Far Hand is Safer Than You Think!

Dutch Rebus - A graphic montage shows the Dutch far hand method to present dooring without need for words. Images include: a hand on a ribboned car door latch; a bicyclist approaching a parked car with a driver peering back to see using far hand on door; a drawing of a woman inside a car with far hand on latch and head turned back to look, & beneath all a diagram of a cyclist getting doored with a universal 'stop' or 'prevent' symbol of a circle with diagonal slash through it, in red over-laid

Dutch Rebus. One more advantage: It's universal. No translation needed! [Except swap right for left in some countries.]

It's Duh. But most Dutch Reach safety benefits are not obvious.

In fact, some of the most important aren't...

As news of the Dutch far hand habit spread across the internet, it was often greeted by astonishment: 

"Its so obvious! So simple! " "Such commonsense!" "I can't believe we never thought of it!" "It should be in the driver's manual, taught to kids, to everyone...etc.!" And even, "It's genius!"

But not all its advantages are as obvious as its automatic turn to look back.

List of Dutch Reach anti dooring features which make it a far safer habit for opening car, truck, van or vehicle doors to avoid dooring cyclists or getting drivers or passengers hurt themselves.. It prevents door fling, allows easy retraction, over-comes mirror absence or poor adjustment, works for back seat passengers as well as front seat riders. It becomes habitual, replacing the unsafe near hand to door method.

Besides its pivot to see side mirror and then easy shoulder check back, the Reach has other, less obvious advantages over near hand opening.

So first a review and then here's 10+ reasons why its safer than our old near hand habit:

Let's start with a description of the Dutch far hand reach.  

The Far Hand Method:

Briefly stated, to exit using the far hand, drivers and passengers front or rear (absent the mirror) should:

“Reach. Look. Open”


Reach across to latch.
Look at mirrors, out and back.
Open slowly. If safe,
Exit facing traffic.
Remain vigilant throughout.

The far hand's advantages follow, as well as how the near hand habit is actually flawed.

Merits explained:

  1. Reaching across to the door latch forces one's torso and head to swivel to view the side mirror. [1] & [2]
  2. One then can easily look facing outward and back over the shoulder through the side window(s). (By comparison, the near hand on door holds the driver’s near-window shoulder in place, blocks torso rotation, prevents or limits view back.
  3. As the door partially opens, one then obtains a continuous unobstructed view back to watch for on-coming cyclists and traffic.
  4. The reach over to hold the far hand on the door latch only allows a slow and partial door opening at first.  It prevents sudden, wide-pushed or flung door opening -- which is so dangerous for cyclists riding in or near the door zone.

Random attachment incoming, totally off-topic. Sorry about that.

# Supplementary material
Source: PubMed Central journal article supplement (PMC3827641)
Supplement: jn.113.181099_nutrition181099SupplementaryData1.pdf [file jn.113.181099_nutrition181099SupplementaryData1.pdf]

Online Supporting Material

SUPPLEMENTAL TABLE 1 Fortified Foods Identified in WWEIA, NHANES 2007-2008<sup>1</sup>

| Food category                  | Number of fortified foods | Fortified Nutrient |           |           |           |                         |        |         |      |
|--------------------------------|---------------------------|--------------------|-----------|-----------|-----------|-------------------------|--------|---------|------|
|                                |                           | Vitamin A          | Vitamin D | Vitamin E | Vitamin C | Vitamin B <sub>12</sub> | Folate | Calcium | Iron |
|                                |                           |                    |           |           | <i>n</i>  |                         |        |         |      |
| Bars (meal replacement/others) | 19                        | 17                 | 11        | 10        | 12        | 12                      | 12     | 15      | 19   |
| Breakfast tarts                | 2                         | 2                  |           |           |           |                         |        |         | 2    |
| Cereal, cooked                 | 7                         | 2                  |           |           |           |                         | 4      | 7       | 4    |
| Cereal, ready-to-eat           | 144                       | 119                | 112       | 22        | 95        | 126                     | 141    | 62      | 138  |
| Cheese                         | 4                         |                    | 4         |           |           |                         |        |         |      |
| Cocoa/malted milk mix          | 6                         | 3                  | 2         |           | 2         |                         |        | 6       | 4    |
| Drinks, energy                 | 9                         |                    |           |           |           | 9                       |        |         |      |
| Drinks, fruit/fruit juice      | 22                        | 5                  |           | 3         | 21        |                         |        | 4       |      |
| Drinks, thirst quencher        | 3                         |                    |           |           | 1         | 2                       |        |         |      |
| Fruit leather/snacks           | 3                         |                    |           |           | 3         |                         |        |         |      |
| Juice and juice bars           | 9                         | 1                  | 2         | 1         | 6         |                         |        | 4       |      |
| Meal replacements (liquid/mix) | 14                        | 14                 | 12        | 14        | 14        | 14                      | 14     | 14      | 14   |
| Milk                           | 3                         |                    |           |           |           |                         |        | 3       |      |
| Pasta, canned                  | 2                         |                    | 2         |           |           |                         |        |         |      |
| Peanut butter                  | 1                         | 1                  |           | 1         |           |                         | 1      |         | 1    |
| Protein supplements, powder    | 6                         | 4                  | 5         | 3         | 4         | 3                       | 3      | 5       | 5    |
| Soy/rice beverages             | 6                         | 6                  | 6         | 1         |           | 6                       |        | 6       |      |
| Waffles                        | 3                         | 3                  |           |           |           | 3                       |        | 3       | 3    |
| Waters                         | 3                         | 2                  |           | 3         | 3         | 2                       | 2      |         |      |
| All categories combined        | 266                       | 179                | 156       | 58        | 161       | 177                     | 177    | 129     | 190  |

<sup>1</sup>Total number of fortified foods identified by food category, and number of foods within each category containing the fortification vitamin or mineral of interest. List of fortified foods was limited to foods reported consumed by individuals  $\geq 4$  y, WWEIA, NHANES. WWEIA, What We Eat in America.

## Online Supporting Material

5. This slow partial opening can warn cyclists and provide chance for both cyclists and drivers to react more safely.[3]
  6. Gripping the handle throughout, the driver can retract the door quickly if need be.  Compare this to having pushed and released, or flung the door open beyond the driver's grasp.
  7. The far hand method works for both front & rear occupants, and helps overcome the lack of side-mirrors for rear passengers.
  8. The far hand hold on the door latch positions drivers and passengers to step out facing on-coming traffic and walk rearward facing traffic to regain the side-walk.
  9. With regular use, the Dutch Reach becomes the habitual default practice, embedded in muscle memory. As habit, it is available and favored even when tired, impatient or otherwise behaviorally compromised.
  10. It replaces one thoughtless habit with another thoughtless habit. But this second habit is significantly safer.[4]

[1] Note:  The side mirror view alone is transient, often flawed by blind spots, poor adjustment, glare, weather or other conditions.  Its view is lost with head or door motion if affixed.

[2] Note:  By comparison, the near hand method does not automatically turn the driver toward the side mirror for its use -- a practice which if neglected contributes to dangerous exiting.

[3] Note:  If noticed soon enough, a cyclist can shout, slow or stop in time, or check if safe before veering out to avoid collision. A cyclist’s shout can alert a heedless driver to pull back the door.

 [4] Note:  A draft safety assessment protocol and evaluation to compare  the near versus far hand methods may be found at www.dutchreach.org under dropdown menus Advocacy Toolkit > Working Papers > Far-hand vs Near-Hand:  https://www.dutchreach.org/far-vs-near-hand-safety-compared/

The above list is also included in the Sample Letter to Transportation & Road Safety Officials, for advocates to adapt and use to encourage officials to include the Dutch Reach in states' driver's manuals and other road sharing safety programs.